Well, it seemed this big at the time!
As Winter dragged on in Minot I began to get more and more frustrated with my radio job. You see I hadn't begun to appreciate the most important thing about being a radio personality... that it's all about the audience, not you. I had an intense interest in these new performers, and assumed that my audience did as well. When it was 20 below outside the listeners were more concerned about the weather. When grain prices were down, the farmers (who comprised 80% of the audience) were more concerned about that. The rock-n-roll bands of the day were irrelevant to them.
As Spring arrived I began to sense a new chattiness among my fellow hitch hikers at G.I. Corner. As soon as we went from parkas to field jackets, everybody lightened up. The foreboding of Winter was over for another year.
On day I was called upon to do an Ammonia service on a missile, Anhydrous Ammonia was used in the missile cooling system. Now this was seriously dangerous stuff! At 99.8% pure, Anhydrous Ammonia is highly toxic and corrosive, it'll burn you instantly on contact. We were required to wear a full coverage rubber suit with gloves, boots and a huge headpiece under which we wore a Scott Air Pack consisting of a mask, hose and oxygen tank. When you suited up in one of these you could hardly move. The Ammonia line was encased in woven steel, at the end was a quick disconnect fitting which was described in tech school as “absolutely foolproof.” It had three, spring loaded ball bearings located at 120 degree intervals around the circumference. When, and only when the fitting was perfectly mated to the receptacle, would the bearings be depressed fully. That allowed the disconnect to turn, lock into the receptacle and the valve to open.
There were to be two, fully suited techs on station at all times so Johnnie P came along to supervise. Now as I mentioned previously, John had been in the Air Force for 956 years. He'd performed hundreds of these services and never had a problem. He had no issue wearing the suit, but he was damned if he was going to wear that lousy head gear and that was that!
I climbed up on the wing as John opened the NH3 valve on the service cart. We always had a hell of a time seating that disconnect just right so the hose valve would open, especially with that suit on. I struggled with it for several minutes. I could tell John was getting antsy, “C'mon Berg, get it hooked up will you?” he said. “I'm trying, the damned thing won't connect” I shot back. I gave it a good shove and turned the valve. HEY it was opening up, success!!”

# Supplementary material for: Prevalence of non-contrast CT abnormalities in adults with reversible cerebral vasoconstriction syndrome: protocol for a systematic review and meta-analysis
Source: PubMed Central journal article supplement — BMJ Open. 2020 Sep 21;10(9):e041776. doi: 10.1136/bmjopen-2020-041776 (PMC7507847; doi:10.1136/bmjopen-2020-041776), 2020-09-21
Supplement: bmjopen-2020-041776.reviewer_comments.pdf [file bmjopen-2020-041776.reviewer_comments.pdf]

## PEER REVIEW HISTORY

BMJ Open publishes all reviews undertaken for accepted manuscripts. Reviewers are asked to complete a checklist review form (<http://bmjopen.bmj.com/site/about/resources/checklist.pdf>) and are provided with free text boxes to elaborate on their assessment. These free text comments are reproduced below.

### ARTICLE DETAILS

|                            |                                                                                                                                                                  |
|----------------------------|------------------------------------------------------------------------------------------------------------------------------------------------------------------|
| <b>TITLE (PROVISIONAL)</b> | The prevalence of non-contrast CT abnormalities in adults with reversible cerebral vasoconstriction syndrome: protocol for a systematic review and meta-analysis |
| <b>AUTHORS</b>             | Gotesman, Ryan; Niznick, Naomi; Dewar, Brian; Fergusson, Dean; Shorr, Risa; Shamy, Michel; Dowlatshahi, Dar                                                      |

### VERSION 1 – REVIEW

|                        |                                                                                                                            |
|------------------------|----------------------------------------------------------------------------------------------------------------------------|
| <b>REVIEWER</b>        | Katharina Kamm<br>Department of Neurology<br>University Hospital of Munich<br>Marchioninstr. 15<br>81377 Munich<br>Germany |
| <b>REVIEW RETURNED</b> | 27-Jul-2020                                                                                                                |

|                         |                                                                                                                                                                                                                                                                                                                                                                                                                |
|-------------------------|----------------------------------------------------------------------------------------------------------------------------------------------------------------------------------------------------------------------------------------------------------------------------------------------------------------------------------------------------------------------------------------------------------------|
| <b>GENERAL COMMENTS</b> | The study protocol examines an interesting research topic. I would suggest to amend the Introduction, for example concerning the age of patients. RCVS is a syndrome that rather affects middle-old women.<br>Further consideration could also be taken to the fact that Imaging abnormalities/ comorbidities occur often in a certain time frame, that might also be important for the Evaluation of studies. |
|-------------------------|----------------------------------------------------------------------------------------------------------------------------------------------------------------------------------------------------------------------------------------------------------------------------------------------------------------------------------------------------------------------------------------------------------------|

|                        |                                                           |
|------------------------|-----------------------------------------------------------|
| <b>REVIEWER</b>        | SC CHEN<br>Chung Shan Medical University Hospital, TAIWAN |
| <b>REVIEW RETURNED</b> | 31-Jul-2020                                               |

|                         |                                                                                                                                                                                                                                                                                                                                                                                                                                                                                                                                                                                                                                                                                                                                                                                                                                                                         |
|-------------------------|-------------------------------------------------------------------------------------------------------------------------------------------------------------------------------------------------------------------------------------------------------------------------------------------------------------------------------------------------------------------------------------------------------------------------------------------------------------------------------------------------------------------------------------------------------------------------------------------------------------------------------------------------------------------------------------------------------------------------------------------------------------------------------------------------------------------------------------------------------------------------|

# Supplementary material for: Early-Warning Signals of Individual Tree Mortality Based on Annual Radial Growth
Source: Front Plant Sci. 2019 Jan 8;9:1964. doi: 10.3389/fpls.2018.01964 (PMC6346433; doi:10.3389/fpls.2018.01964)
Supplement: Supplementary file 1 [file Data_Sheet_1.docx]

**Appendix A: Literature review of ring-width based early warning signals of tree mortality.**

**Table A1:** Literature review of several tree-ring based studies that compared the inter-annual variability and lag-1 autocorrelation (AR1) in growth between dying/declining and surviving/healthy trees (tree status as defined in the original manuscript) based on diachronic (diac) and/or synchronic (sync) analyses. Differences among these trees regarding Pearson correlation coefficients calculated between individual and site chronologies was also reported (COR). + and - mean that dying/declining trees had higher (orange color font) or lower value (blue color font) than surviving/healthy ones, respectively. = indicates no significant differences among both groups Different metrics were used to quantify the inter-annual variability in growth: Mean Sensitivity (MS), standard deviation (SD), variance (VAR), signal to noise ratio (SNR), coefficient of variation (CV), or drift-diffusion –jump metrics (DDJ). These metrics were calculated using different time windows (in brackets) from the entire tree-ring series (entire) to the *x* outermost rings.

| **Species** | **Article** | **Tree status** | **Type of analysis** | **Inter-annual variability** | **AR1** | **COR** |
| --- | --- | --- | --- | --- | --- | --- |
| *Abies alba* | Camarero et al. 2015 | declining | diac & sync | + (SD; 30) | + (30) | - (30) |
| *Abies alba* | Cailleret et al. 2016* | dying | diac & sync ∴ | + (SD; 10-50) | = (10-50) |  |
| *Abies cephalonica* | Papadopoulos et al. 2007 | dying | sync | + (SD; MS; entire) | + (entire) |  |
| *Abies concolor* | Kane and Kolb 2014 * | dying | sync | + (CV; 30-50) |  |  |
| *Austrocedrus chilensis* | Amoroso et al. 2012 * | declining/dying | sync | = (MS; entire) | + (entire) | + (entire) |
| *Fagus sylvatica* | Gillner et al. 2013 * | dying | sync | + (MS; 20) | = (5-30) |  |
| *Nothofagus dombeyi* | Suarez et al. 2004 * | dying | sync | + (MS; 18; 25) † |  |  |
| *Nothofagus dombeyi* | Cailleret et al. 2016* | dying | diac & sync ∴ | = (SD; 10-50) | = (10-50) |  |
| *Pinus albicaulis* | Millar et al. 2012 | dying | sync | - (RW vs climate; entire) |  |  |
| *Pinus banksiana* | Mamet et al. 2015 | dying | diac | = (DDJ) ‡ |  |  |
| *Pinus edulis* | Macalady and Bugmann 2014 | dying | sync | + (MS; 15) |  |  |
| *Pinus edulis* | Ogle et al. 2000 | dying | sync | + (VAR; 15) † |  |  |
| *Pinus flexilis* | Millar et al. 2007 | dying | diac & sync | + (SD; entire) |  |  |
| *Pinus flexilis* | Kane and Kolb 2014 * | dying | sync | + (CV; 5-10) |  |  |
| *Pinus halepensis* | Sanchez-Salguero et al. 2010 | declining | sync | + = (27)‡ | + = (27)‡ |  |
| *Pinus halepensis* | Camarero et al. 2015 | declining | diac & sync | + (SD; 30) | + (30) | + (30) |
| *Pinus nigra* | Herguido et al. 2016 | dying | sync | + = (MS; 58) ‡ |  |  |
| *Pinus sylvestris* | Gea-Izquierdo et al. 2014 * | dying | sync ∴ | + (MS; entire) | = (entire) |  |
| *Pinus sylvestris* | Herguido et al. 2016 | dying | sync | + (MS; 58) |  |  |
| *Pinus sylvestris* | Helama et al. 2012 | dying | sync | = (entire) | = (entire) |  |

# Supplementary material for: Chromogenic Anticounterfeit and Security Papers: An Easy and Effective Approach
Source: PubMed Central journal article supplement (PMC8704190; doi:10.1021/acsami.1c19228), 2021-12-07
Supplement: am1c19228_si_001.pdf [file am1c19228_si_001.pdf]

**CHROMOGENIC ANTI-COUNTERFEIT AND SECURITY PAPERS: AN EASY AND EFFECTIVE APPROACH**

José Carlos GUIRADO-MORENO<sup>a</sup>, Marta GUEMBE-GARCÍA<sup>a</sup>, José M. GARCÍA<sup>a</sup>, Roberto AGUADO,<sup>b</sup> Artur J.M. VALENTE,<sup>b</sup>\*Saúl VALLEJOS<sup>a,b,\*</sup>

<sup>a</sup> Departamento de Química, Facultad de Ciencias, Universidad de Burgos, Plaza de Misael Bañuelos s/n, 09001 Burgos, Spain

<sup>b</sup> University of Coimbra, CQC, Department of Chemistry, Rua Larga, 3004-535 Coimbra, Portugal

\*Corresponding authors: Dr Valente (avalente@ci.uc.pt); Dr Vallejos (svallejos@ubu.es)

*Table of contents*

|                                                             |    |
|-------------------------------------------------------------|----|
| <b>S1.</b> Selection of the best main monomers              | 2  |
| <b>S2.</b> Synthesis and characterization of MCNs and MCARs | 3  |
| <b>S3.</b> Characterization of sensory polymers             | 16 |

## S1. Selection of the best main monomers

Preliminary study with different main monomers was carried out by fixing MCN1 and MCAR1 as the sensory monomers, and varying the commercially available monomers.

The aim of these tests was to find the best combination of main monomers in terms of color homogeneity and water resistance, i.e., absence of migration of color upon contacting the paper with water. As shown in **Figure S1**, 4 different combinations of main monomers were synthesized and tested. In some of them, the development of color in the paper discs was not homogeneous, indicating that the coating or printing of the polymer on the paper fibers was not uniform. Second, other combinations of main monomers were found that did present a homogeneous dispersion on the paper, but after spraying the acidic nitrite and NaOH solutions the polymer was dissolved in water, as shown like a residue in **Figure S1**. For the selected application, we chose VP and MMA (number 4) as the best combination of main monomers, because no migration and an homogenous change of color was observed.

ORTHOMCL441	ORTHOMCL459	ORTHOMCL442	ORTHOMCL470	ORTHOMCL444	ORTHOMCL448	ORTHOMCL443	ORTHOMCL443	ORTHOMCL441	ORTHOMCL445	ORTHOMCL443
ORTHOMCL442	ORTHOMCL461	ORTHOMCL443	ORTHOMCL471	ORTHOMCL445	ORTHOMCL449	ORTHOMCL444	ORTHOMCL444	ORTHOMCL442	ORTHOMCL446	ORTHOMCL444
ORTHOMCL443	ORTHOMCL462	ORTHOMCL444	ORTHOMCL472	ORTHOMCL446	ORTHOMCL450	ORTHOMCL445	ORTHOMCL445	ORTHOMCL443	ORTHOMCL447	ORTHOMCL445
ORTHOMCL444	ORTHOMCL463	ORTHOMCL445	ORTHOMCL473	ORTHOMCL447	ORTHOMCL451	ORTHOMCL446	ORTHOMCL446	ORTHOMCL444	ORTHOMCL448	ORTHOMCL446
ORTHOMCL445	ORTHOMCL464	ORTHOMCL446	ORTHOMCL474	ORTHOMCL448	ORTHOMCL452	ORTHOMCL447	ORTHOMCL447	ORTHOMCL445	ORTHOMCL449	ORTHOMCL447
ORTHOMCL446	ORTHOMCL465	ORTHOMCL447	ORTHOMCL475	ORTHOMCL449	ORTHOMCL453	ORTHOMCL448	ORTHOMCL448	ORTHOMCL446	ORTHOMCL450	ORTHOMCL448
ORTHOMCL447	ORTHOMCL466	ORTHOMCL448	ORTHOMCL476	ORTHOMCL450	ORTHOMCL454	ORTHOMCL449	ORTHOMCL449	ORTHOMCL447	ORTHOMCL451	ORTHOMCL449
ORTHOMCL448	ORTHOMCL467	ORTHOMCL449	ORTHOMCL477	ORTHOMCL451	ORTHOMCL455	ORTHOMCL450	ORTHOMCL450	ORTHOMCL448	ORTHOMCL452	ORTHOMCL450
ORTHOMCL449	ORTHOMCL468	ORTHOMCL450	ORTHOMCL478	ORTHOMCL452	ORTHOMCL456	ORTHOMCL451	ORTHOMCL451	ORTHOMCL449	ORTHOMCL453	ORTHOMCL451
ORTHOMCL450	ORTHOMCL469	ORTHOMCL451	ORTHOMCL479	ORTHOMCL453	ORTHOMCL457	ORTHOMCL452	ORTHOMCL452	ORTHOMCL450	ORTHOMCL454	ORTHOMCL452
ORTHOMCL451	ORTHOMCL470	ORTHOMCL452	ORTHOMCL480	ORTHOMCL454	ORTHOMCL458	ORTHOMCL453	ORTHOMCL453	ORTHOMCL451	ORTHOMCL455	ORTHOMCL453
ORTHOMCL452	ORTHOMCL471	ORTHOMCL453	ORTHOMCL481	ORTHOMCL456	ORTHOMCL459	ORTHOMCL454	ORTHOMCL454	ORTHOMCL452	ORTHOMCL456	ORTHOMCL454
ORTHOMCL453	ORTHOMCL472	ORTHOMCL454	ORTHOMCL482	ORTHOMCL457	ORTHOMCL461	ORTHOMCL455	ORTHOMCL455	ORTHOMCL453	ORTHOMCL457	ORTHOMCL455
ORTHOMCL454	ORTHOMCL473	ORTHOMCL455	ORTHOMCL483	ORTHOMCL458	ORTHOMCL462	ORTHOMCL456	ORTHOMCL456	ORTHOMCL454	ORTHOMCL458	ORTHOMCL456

The “fool proof” valve wasn't seated after all. I heard a “pppppppppppttttttttttttttttttttttttttttttttt” as the valve opened and the Ammonia started pouring out in a thick, white cloud of gas. There was no way of closing the hose valve without it being seated to the receptacle, so all I could do is watch helplessly as 160 gallons of the stuff escaped into the air
Now Johnny P was a black guy, but the last thing I saw before the gas cloud enveloped me was his face turning white. His eyes got as big as saucers and away he ran, making a straight beeline to the hanger. I could hear the clomp, clomp, clomp of those huge, rubber boots as he ran. For my part, I was just fine, the suit protected me perfectly and the Scott Air Pack enabled me to breath with no problem at all. I climbed down from the wing, stood under the shower to wash off any Ammonia residue from the suit and sloshed up to the hanger.
When I got there I went straight to the control room where I encountered Johnny P yelling “Berg's out there, we got to get him, he's in trouble...” All the while I was standing right behind him, dripping water all over the nicely polished floor.
Once it was determined that I was, in fact, alive and well we all went over the the hanger door overlooking the service pad, and there it was... a HUGE, white cloud of poisonous Ammonia slowly making it's way across the field as a light wind carried it away. The tank was completely empty now, so this cloud consisted of 160 gallons of pure NH3. If you've seen the movie “The Blob” you'll get a sense of what this thing looked like as it made it's way toward the end of the flight line, and the 3 or 4 Air Police trucks parked there. I've never seen AP trucks move so fast! Those guys high-tailed it out of there RIGHT NOW, leaving their doughnut boxes behind!
The cloud dissipated as it left the confines of the base. Two days later all the vegetation in it's path died. A week later there was 2 feet of grass in the same path. Ammonia is used as fertilizer you know, that's what the “N” in NH3 is for... Nitrogen.
But the damage had been done. Even though it wasn't my fault, somebody had to pay for the incident. I began to appreciate a nasty, little fact about the Air Force. The higher authorities would always demand a scapegoat, and 9 out of 10 times that scapegoat would be a lower grade Fly Boy... in this case me. The commander called me in his office. “Listen Berg, we have to give them their pound of flesh. I've gotta put you on detail. Starting next week you'll be on the 'Base Beautification' project. It'll be easy, plant a couple of flowers, take a long lunch... nothing to it, OK?”
So this is how the Air Force worked, cover your own ass first. To say I was disillusioned was the understatement of the year. I lost all respect for the Air Force right there and then and to make it worse, I still had nearly 3 years to go in my hitch.
Oh, and about that “fool proof” valve... I guess it all depends on the fool.